[PATCH 1/5] common: machine_id: support /chosen/barebox, machine-id-path override

Trent Piepho trent.piepho at igorinstitute.com
Wed Jun 30 13:13:45 PDT 2021

On Wed, Jun 30, 2021 at 3:27 AM Ahmad Fatoum <a.fatoum at pengutronix.de> wrote:
> On 28.06.21 21:50, Trent Piepho wrote:
> > On Sun, Jun 27, 2021 at 11:41 PM Ahmad Fatoum <a.fatoum at pengutronix.de> wrote:
> >
> > On a board I did before Barebox had machine-id support, we used two
> > sources of serial number to generate the machine id.  One was the imx7
> > unique id and the other was a serial number in a i2c security chip.
> >
> > The imx id is predictable, so even hashed one can predict the
> > machine-id exactly.
> We happen to have stm32mp1 twins with consecutive MAC addresses.
> I compared their serial numbers and while they clearly didn't start
> at zero, all bytes were the same, except for two nibbles that were
> one apart. So yes, if the i.MX UID follows a similar scheme, you
> may be able to guess the machine-id of other devices in the same
> batch if you already have the machine-id of one of them.
> > We didn't really like that, so we combined two
>  sources.
> Is your issue one of privacy or security?

Both.  We didn't like it being guessable for fishing attempts.
Security was more on the cloud side, having the machine-ids guessable
was not a good idea.  Yes, machine id is not to be used for access
control, it is not a password.  But one does not want an attacker to
have a list of every valid username even if the password is still

> My understanding is that the machine id is not disclosed as matter
> of privacy, so it's harder to track a device by manner of the unique
> IDs embedded in its outgoing communication.
> > It seems like there is no way to do that with this design?
> You can write a driver that collects multiple sources and offers
> a single NVMEM cell for consumption.

I suppose this could be done, but it certainly seems complex.  I think
one would need:
Write code in board init function to get imx id, data from additional
chip, put in global buffer.
Add barebox specific device tree node, compatible =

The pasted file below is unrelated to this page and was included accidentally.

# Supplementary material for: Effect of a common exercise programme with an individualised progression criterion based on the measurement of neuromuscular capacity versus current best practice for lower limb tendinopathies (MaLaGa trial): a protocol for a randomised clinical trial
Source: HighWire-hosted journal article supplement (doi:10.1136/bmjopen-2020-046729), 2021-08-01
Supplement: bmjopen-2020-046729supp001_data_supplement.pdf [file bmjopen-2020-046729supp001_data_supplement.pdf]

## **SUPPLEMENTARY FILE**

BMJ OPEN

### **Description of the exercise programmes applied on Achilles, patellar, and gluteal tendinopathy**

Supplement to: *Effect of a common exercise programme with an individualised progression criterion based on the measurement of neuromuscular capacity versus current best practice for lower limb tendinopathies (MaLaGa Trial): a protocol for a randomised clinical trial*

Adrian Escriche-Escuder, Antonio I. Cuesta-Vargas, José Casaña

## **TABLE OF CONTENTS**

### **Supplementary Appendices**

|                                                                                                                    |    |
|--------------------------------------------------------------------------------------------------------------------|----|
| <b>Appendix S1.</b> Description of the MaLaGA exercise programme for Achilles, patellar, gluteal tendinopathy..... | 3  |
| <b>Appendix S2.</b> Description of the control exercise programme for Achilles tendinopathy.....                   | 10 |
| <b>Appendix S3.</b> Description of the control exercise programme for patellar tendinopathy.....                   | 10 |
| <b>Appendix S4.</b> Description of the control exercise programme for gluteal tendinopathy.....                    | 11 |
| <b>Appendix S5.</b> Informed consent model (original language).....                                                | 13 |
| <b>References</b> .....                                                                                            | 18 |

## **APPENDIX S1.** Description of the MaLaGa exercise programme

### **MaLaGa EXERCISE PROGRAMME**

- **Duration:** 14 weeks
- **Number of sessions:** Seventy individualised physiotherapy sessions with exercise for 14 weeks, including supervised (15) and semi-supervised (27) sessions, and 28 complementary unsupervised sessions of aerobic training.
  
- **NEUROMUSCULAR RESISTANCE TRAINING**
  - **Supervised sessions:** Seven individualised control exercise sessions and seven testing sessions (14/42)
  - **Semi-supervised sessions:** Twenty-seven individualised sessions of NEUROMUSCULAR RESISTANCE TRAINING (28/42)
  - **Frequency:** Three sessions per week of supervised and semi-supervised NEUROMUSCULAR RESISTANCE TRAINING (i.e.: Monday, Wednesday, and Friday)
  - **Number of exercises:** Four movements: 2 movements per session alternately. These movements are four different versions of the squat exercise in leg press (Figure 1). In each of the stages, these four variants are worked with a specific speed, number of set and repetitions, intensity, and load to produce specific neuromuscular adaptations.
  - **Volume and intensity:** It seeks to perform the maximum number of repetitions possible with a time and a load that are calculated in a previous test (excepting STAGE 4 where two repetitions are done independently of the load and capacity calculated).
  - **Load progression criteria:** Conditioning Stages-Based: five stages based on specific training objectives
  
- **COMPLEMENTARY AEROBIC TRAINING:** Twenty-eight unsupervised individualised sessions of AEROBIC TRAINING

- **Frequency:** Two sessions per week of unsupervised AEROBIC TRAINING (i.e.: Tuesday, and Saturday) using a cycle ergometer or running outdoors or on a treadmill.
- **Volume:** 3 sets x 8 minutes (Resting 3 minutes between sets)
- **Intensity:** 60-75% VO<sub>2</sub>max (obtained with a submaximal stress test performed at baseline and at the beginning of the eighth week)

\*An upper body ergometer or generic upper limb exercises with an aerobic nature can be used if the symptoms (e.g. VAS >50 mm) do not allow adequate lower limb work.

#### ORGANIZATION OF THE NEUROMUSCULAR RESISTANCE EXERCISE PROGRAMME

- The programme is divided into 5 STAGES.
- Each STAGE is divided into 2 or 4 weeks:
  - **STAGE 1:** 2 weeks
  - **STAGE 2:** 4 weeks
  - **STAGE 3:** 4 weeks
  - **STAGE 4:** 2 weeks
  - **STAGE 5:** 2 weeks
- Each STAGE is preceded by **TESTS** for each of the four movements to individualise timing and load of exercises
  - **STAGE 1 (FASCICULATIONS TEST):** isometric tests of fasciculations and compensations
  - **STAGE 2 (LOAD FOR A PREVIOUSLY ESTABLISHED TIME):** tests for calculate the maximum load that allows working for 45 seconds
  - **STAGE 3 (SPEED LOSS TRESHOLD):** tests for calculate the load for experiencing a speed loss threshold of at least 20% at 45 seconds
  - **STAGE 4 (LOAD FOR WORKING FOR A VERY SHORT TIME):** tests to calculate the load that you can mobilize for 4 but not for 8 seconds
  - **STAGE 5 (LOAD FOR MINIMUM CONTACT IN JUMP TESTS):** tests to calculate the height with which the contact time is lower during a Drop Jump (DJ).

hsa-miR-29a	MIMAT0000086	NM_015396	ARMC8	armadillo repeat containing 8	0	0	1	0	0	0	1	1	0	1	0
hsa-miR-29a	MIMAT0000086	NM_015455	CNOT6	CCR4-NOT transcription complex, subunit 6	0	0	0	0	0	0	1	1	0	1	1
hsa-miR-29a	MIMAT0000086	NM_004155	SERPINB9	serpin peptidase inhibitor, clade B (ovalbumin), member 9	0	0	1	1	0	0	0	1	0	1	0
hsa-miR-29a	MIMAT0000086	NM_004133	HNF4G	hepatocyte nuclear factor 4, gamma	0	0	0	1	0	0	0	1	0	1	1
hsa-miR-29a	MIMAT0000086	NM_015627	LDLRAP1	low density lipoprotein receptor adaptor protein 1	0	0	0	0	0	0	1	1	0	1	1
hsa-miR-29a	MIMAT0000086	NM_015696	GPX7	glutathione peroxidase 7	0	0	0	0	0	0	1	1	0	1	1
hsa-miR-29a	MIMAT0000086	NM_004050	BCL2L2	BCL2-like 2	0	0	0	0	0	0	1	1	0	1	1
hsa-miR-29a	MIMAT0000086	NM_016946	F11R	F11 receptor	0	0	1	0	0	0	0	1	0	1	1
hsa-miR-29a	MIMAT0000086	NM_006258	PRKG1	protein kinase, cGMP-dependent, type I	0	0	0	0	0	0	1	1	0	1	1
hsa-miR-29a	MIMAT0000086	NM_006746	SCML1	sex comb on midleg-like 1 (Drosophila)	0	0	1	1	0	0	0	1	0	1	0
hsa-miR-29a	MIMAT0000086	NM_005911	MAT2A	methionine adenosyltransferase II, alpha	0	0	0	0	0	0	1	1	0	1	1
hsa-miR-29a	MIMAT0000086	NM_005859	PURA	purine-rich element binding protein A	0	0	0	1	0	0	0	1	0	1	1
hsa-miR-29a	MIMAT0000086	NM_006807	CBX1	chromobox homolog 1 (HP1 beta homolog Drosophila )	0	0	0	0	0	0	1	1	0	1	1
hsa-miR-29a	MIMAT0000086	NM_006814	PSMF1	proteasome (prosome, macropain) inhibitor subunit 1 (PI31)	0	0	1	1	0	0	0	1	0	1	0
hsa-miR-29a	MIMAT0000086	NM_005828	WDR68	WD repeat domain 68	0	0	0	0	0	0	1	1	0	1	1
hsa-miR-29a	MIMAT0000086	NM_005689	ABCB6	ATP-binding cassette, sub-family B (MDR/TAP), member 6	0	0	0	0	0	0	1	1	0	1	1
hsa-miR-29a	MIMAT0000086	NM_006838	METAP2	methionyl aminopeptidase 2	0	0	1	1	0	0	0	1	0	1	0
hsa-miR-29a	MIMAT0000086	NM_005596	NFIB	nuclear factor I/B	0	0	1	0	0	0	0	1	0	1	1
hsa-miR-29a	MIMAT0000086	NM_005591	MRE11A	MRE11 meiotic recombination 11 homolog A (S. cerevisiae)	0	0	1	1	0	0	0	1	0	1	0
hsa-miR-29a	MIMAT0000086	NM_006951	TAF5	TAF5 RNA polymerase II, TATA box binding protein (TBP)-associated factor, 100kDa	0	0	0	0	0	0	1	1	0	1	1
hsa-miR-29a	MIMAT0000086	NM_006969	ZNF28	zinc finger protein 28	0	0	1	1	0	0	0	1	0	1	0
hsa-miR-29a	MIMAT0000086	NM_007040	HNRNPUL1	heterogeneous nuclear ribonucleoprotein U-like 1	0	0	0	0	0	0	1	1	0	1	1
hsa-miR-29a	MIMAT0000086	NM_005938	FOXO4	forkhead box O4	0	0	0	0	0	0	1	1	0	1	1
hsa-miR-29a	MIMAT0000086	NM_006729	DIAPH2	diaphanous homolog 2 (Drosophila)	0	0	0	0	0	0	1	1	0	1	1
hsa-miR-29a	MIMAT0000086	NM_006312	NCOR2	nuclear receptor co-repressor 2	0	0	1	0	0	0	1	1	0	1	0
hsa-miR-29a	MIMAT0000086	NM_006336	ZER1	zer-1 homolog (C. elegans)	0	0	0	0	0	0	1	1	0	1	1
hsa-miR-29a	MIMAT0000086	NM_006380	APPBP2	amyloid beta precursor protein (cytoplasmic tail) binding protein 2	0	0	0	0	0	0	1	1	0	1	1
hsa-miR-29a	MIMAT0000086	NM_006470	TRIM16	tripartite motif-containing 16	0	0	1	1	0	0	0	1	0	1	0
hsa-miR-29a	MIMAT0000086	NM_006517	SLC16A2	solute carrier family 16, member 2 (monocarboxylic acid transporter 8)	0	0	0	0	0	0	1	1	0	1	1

Write small nvmem driver that exports the global buffer as nvmem device.

I suppose the latter driver could be common if needing to create nvmem
devices to hold data becomes commonly needed.

> > I think it could be done if there was a function to add hash input,
> > which board code could call.  Keep the pools separate and have a
> > defined order.  I.e., /chosen/barebox,machine-id is first, then
> > machine_id_add_hashable() is next.
> If we restrict the new machine_id_add_hashable() for board use that
> would work, yes. I don't like it from a design perspective though:

Yes, only board code should call that.  It must be unique and
invariant to the board and no individual driver knows enough to do

> A user would expect a machine-id-path property to point at all info
> used for determining the machine-id, not some of them.

One could have a special name in the path, "internal" or something,
that indicates data that code in Barebox will create.

> > Or /chosen/barebox,machine-id could be a _list_ of paths, to be used
> > in order.  But that requires a nvmem driver for each source.
> That's fine by me and could be added in future. I can add a property
> size check, so we leave open this avenue without breaking users.
> The root device tree node already has a device in barebox, so board
> could use that to offer custom info.

If a property was created that simply contained the data directly,
I.e. of_set_property(root, "extra-id-data", data, 8),
would there be a way for barebox,machine-id to point to it?

> > The security chip wouldn't have worked for a nvmem driver.
> Why not? Check out nvmem-rmem with just exports a memory region
> as read-only nvmem device. You can do likewise. There are also
> helpers to get a nvmem device out of a (i2c) regmap.

To get the id, one needs to construct a command and then parse the
response format to extract the data.  It is not as simple as some
register contents.

> > I'll also point out that just hashing the data is not a good idea to
> > make a UUID.  Anyone who hashes the imx unique id will get the exact
> > same UUID.  So it is not very universally unique!
> The i.MX unique ID is unique across i.MX processors. Yes, it would
> collide with an attacker that guess the ID, but is that really
> a threat? Anyhow, there are boards using it like this already in the

It comes up if some other software on the same board creates a UUID by
hashing the imx id.  Anything that does this will get the same UUID.
Suppose the board is not imx and has no unique built-in id other than
a MAC address.  Anyone who hashes the mac address gets the same UUID
and they collide.  It is not a security issue exactly, but a failure
of the universally unique property of the UUID.

> field. So this won't change, but for the new binding introduced here,
> I can address issues that are raised.

> > This is already a known issue when generating UUIDs that are not
> > purely random.  See RFC4122 §4.3 for generating UUIDs in a namespace.

> Users can do that, barebox will hashh it to get the format the OS expects.
> It's probably a good idea to hint at RFC4122 for users interested in
> generating their own material for use with the machine-id.

I don't know what you mean by the format the OS expects.  The output
of the §4.3 algorithm is a standard UUID.  It works perfectly well to
pass it as a machine id and then systemd will use it as it is.  Since
2011, when systemd generates a machine id it follows RFC4422 §4.4 for
random UUIDs.

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